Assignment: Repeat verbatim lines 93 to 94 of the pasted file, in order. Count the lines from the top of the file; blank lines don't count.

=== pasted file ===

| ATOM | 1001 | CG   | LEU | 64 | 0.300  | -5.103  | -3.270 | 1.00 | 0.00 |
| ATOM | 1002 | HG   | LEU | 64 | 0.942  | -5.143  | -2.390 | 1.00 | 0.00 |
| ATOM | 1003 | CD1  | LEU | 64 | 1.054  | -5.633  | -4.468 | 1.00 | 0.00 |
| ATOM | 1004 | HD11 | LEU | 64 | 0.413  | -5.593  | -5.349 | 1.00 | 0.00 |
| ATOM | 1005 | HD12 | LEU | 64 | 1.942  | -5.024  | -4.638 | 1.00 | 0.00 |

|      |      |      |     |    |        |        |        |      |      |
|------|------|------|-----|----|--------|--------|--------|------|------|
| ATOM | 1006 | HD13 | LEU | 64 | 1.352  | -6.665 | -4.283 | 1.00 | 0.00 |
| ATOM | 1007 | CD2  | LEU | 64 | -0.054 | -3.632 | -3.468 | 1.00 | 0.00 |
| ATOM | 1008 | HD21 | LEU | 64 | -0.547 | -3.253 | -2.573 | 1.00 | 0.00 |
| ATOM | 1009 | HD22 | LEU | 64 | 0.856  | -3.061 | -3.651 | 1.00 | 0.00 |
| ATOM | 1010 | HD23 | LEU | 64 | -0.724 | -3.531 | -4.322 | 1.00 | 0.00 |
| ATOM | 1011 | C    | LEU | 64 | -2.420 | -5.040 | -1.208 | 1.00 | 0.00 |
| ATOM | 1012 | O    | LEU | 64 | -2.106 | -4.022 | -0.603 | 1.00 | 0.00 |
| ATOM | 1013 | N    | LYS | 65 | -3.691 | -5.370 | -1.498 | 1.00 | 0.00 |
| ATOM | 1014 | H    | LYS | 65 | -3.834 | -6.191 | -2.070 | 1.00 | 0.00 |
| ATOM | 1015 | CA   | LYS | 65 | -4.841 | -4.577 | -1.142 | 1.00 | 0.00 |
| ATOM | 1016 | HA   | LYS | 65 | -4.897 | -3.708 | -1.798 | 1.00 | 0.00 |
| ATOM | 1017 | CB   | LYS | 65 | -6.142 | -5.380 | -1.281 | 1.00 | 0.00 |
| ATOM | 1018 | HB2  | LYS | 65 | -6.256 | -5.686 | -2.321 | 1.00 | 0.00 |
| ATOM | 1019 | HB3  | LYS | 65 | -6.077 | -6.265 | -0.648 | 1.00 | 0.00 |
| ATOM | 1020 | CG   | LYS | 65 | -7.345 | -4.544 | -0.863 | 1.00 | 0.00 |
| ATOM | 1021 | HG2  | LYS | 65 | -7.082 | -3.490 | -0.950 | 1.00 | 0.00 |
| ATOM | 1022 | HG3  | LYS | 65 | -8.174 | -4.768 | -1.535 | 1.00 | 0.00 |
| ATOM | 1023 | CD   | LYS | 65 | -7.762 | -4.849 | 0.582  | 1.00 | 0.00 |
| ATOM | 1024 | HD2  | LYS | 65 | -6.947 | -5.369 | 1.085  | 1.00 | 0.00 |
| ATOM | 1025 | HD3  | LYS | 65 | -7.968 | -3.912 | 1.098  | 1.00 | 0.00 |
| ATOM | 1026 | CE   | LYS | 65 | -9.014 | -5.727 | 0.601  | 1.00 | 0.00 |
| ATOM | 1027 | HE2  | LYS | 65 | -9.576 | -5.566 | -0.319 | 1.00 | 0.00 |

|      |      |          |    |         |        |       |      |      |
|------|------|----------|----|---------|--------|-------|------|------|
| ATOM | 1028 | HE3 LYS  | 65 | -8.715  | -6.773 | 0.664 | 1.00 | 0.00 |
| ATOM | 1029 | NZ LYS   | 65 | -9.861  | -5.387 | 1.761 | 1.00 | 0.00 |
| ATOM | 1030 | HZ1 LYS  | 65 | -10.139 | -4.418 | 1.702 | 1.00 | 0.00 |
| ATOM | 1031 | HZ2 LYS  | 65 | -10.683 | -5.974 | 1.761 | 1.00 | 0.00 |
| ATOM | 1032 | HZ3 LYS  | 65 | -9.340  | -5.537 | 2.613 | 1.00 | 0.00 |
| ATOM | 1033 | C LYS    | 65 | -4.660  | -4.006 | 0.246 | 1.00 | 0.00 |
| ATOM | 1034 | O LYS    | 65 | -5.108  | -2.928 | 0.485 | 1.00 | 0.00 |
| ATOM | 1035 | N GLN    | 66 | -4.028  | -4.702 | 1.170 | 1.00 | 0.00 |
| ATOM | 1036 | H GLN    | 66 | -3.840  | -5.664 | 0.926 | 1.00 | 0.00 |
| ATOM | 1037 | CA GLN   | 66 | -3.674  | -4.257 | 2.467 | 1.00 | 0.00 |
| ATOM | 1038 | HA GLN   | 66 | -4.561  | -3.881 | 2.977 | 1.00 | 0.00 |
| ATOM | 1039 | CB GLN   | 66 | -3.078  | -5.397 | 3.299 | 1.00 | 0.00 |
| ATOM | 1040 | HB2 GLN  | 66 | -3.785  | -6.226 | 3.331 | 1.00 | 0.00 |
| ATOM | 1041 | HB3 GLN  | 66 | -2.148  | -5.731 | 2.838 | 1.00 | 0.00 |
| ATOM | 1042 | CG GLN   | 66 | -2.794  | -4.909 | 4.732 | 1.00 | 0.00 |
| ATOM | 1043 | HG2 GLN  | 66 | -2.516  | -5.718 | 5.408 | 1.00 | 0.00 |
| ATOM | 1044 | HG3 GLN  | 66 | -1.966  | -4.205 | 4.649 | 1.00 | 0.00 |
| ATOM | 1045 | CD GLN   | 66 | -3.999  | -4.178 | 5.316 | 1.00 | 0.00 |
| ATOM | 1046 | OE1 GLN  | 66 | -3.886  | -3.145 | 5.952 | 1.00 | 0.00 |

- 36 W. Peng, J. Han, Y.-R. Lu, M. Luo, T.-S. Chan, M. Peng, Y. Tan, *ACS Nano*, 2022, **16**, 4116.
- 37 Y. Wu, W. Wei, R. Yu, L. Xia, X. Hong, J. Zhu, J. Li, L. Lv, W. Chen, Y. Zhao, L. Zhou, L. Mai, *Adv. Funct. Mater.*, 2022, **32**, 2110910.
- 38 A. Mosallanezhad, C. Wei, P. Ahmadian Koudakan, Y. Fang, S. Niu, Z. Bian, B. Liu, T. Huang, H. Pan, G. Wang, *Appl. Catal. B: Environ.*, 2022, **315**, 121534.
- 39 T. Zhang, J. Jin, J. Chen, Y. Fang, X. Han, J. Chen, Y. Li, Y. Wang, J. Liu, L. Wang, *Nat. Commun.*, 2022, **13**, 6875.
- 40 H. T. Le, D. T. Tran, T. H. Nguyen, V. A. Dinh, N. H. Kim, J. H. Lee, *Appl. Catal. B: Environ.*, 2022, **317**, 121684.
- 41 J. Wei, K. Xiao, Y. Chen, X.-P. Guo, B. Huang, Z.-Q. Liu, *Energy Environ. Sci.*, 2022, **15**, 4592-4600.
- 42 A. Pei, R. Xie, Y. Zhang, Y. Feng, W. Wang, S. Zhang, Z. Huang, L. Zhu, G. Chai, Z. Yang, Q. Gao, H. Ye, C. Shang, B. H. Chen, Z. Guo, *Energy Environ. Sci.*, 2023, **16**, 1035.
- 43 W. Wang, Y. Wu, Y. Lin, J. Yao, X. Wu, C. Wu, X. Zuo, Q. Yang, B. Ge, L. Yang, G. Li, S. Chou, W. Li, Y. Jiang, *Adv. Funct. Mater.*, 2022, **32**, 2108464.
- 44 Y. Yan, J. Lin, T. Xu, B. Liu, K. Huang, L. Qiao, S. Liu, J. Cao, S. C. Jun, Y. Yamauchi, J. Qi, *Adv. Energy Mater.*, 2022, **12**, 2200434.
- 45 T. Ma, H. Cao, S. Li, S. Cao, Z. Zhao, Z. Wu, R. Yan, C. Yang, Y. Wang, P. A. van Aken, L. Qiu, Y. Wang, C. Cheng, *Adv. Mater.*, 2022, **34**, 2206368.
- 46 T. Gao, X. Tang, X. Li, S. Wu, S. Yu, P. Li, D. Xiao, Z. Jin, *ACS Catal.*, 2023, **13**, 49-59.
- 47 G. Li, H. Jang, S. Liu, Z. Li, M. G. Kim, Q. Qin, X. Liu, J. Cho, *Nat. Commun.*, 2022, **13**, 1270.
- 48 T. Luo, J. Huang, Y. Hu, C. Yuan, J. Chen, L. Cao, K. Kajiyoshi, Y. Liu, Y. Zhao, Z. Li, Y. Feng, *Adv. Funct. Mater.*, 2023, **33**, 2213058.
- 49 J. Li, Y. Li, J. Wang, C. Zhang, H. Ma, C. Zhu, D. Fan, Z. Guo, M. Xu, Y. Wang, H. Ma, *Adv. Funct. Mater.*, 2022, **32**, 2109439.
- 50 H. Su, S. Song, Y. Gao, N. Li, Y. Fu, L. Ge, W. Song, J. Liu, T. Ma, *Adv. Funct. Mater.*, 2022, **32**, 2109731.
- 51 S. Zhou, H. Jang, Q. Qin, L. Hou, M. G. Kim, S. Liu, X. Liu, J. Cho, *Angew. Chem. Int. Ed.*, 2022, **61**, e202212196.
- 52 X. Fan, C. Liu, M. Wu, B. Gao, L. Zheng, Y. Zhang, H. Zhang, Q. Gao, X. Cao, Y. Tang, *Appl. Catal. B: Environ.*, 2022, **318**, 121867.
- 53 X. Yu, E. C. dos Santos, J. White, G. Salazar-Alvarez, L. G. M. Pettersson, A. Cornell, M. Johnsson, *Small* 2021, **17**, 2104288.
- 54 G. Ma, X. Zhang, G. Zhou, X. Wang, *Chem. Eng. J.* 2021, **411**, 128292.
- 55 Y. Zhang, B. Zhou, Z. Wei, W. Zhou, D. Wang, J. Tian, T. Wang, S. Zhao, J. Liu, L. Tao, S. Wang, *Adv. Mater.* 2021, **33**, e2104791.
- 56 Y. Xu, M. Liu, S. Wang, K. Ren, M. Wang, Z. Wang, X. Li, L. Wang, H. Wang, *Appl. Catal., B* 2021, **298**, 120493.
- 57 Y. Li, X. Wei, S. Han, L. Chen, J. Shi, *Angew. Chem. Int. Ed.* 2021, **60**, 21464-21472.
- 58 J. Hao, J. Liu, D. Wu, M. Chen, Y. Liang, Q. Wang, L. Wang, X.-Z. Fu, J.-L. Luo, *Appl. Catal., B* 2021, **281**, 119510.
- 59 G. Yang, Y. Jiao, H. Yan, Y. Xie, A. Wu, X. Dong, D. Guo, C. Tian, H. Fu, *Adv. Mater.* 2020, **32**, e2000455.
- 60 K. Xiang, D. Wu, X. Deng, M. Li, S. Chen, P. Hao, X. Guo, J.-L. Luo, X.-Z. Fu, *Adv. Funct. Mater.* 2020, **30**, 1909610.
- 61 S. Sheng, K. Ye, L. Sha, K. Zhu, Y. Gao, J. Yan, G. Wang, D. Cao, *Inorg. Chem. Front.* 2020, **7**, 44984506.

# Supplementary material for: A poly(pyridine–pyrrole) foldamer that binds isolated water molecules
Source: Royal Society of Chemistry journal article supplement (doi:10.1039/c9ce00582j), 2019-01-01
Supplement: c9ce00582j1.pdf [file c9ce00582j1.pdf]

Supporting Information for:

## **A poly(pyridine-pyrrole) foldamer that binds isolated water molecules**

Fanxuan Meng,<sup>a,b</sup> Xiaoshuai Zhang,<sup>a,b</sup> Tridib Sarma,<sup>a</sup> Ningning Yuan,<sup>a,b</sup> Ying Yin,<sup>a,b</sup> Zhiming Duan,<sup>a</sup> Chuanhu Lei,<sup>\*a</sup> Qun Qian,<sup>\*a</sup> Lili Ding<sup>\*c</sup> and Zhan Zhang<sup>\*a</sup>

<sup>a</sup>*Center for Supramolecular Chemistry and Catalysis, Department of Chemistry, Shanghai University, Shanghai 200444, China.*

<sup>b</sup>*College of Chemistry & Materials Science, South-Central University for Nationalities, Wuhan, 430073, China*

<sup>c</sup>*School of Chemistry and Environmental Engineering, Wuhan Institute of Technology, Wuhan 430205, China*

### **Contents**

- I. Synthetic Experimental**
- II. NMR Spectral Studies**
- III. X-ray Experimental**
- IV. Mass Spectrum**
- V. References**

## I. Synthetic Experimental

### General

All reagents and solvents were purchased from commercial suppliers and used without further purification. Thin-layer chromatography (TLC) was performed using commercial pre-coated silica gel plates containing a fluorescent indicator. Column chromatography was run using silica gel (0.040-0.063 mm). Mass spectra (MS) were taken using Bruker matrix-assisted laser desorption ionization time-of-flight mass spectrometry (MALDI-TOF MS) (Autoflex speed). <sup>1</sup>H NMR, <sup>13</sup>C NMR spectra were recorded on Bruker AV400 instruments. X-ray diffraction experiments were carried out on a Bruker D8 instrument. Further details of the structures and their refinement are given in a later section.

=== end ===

### General

All reagents and solvents were purchased from commercial suppliers and used without further purification. Thin-layer chromatography (TLC) was performed using commercial pre-coated silica gel plates containing a fluorescent indicator. Column chromatography was run using silica gel (0.040-0.063 mm). Mass spectra (MS) were taken using Bruker matrix-assisted laser desorption ionization time-of-flight mass spectrometry (MALDI-TOF MS) (Autoflex speed). <sup>1</sup>H NMR, <sup>13</sup>C NMR spectra were recorded on Bruker AV400 instruments. X-ray diffraction experiments were carried out on a Bruker D8 instrument. Further details of the structures and their refinement are given in a later section.